Bean reasonableness is a kind of reasonableness.

For those who can't be bothered with the tedious analysis, the rules for "bean reasonableness" are presented at the top here, and the rationale/motivation for them done to death below. The aim of these rules is to ensure a coherent programming model across RSF by documenting the semantic requirements on the business model, as it is implemented in terms of request writeable beans.

These rules define the appearance and treatment of the bean model through and by RSF - clearly it may embody arbitrary extra semantics with respect to itself:

  1. The bean model as far as possible is time-independent. Beans and their properties may be "brought into existence" during the scope of a request, but no bean value should change except in order to reflect an imminent change in persistent state.
  2. The bean model is only traversed "as if" by EL, in that access consists of gets, sets, and a possible "remove/unlink" operation from collection properties.

Consequences of the rules#

In modern (post-GWT) terms, the critical point behind the BeanReasonableness (BR) lies behind the words highlighted with the bright red background above. As RSF and its use of its EL system is evolving, it becomes apparent that BR is actually the basis of a 'dataflow architecture'. This becomes increasingly and exceedingly powerful in a truly distributed world, where parts of an application may lie on different sides of several kinds of awkward serialisation boundaries.

In general (modern) terms, this is the sort of boundary that separates the client of a web service from its producer. GWT ups the ante on this - now the client of a web application is to a variable degree autonomous - it may be a logic-free "Web 1.0" browser, or a fully compiled and autonomous "JVM-in-a-browser". How could a web application possibly adapt to these kinds of extremes?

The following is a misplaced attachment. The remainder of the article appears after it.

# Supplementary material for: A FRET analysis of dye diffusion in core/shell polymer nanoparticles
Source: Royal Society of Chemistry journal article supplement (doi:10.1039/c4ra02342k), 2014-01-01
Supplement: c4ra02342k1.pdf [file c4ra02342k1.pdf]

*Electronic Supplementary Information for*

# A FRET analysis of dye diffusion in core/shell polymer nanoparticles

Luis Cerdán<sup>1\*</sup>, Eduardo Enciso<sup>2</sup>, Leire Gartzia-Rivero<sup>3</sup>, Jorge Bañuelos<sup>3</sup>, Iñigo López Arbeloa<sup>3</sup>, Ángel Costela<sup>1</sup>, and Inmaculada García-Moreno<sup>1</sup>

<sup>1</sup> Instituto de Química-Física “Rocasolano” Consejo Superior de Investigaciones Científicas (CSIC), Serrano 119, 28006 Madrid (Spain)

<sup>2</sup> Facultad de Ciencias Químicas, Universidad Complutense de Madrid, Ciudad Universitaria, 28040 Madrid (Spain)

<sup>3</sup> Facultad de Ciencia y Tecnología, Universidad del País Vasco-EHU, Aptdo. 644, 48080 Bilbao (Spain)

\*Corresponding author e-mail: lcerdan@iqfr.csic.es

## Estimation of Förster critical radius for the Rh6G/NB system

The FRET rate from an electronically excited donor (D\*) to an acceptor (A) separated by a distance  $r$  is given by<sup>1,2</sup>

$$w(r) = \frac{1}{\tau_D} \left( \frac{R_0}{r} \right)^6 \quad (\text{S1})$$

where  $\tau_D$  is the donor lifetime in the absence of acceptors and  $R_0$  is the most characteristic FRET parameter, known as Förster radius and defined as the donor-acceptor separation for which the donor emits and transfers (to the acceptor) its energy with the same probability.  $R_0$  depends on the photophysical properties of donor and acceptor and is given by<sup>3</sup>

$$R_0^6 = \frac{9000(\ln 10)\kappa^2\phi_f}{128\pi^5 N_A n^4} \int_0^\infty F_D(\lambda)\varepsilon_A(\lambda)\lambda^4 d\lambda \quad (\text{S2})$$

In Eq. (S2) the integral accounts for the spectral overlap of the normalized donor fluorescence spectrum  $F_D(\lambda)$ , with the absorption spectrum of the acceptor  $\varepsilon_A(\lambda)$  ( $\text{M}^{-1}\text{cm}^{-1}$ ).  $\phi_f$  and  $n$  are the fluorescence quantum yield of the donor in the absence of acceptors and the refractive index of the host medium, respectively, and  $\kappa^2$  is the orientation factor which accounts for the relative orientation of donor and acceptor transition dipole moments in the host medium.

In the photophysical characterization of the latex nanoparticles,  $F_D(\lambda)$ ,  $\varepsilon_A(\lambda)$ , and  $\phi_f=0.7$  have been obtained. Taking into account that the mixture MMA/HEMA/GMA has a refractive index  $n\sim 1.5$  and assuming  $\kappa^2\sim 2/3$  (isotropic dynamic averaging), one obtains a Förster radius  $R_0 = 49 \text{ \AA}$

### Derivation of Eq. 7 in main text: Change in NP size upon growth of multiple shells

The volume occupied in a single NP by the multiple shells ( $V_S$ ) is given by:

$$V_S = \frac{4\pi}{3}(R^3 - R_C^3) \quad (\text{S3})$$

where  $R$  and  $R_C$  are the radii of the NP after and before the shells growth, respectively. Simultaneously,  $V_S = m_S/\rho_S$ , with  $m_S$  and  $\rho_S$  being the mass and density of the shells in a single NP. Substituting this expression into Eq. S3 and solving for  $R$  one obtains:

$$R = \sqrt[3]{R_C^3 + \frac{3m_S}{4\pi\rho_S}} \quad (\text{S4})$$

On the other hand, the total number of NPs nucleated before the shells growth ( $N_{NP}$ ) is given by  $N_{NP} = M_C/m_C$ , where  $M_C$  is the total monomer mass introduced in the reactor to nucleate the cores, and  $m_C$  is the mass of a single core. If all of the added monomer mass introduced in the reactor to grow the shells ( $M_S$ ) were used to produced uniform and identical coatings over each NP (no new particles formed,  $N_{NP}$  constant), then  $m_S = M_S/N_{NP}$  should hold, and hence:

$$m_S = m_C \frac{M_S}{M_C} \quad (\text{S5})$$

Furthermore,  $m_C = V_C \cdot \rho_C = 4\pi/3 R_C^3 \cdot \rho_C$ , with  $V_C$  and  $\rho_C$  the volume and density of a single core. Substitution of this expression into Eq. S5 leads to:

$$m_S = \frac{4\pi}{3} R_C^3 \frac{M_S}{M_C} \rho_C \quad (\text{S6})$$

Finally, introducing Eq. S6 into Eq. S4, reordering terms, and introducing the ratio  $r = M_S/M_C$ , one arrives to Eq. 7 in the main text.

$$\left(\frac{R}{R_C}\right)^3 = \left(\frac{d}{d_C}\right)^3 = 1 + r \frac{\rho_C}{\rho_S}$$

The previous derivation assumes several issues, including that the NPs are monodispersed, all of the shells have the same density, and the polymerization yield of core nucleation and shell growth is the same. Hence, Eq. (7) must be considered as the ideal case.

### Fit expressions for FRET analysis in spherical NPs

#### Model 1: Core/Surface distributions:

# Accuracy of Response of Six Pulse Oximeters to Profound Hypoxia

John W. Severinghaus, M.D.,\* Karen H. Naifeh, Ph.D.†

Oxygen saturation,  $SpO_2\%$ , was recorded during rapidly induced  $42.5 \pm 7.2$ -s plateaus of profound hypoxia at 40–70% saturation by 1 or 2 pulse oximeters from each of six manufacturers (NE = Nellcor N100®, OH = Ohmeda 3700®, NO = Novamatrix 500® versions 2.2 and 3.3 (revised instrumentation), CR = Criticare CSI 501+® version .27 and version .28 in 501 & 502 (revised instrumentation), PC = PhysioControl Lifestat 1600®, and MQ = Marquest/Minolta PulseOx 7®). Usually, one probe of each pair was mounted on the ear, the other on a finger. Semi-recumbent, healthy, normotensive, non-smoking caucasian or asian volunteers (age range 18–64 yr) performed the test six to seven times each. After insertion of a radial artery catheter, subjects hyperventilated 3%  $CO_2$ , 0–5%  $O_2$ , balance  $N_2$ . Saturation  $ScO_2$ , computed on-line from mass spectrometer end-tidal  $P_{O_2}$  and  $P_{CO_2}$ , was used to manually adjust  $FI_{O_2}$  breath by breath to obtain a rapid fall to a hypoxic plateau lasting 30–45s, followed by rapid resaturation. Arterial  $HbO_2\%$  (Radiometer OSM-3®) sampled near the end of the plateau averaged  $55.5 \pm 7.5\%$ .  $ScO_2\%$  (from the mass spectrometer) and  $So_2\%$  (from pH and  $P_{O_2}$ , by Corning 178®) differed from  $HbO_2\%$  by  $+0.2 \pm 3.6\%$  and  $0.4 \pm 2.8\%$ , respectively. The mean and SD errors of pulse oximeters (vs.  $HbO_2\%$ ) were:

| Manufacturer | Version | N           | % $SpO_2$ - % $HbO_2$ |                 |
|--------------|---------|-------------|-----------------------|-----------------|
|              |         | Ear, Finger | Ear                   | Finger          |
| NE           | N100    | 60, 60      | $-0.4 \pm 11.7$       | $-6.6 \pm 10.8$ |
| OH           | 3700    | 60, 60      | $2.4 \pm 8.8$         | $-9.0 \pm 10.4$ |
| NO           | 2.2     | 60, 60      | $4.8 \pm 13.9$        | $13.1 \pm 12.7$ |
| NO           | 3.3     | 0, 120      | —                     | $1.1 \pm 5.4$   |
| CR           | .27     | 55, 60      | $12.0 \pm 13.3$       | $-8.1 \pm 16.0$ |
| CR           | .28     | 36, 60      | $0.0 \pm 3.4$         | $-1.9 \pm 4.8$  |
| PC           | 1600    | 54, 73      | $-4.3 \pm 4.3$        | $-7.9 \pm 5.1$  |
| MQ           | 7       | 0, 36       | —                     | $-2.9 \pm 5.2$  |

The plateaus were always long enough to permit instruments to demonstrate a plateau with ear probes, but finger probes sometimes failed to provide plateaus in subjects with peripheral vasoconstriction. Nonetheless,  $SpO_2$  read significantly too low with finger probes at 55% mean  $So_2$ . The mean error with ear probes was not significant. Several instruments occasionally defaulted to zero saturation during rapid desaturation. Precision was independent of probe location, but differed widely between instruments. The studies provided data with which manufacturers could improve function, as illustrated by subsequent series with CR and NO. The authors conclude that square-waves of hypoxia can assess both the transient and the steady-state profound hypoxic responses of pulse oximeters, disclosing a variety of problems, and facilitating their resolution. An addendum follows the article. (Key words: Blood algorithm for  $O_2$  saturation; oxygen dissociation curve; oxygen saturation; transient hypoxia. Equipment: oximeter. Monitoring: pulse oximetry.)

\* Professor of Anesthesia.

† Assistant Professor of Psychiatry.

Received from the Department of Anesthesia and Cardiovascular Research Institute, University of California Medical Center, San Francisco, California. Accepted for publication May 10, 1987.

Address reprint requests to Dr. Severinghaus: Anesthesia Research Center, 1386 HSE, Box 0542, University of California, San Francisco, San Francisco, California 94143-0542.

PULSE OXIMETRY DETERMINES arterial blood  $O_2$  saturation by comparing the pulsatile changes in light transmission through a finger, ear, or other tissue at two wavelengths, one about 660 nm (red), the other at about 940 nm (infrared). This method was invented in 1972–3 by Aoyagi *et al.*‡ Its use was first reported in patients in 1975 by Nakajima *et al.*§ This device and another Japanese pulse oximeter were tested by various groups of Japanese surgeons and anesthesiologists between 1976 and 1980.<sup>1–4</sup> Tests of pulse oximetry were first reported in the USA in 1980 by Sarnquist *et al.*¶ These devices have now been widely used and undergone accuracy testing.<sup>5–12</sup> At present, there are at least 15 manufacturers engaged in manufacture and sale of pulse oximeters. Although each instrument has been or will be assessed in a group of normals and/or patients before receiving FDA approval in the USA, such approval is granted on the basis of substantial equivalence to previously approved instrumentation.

An application defined in terms of a dataflow with a constrained/specified side-effect model is pretty much the only one that can be distributed sensibly. A dataflow architecture lays rules for the kinds of operations which can proceed concurrently, defining inputs and outputs of "autonomous" operations. Once you have done the work of laying out the logical work of your application as a flow between EL expressions, carving it up into isolated chunks which can then be pushed across the network and either invoked or executed remotely becomes largely automatic.

This highlights the point that the real principles underlying Spring, the IoC movement, and RSF's IoC-in -request-scope EL system are actually rather deep and powerful, and are going to be the vehicle by which many of the riches of theoretical computer science will be finally "reduced to practice" and brought into productive use by the greater community. By having these packaged as recognisable and relatively slight modifications to a familiar web programming idiom (Java code, JSP-like ELs, Spring-based IoC) provides a shallow slope whereby developers can be led, largely by example, past the "watchful dragons" of dry papers and "theorising for its own sake".

Consequences for ORM solutions (Hibernate)#

Some of the early thinking behind these rules (as well as a now-defunct 3rd condition) are discussed on the BeanReasonableness - rationale page.

Consequences for client-side programming (GWT) and web services#

More on practical developments for this issue (especially as regards client-side "Java" as in GWT) can be found in the RSF - the next 10 years page.

BeanReasonableness as Referential Transparency#

In programming theory, referential transparency is the principle that a reference may be replaced by its referent without changing program meaning. Clearly all kinds of "unreasonable beans" violate referential transparency, which is generally unpleasant and design-destabilising even when programming in an apparently imperative language like Java. Idempotency of RSF's render cycles (and idempotency of those HTTP requests which should have it in general) could also be seen as a kind of referential transparency applied to the entire request as an operation - a URL state (ViewParameters) should refer as far as possible to the same result at all times.

EL Flow as "Goal Attainment" (Prolog)#

Visit the RequestScopeBeans page for more details on the RSF request-scope programming model. Note that another way of looking at the wider request-scope container in which the RequestWriteableBeans are embedded is a Prolog-like "goal attainment" computation.

EL Flow as "Chains"#

Yet another way of casting RSF's "EL flow" idiom is as an embodiment of the "Chain of Responsibility" pattern, as for example implemented in Commons Chains. Thus we can see that (helped by the muscle of Spring behind the scenes), RSF with its EL system provides all the power of Commons Chains, only with transparent portability to other environments, and without the ugliness and fragility of the kitchen sink "Context" object, familiar from so many pre-Spring (and even some post-Spring!) frameworks.
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« This page (revision-) was last changed on 18-Jan-2007 14:17 by UnknownAuthor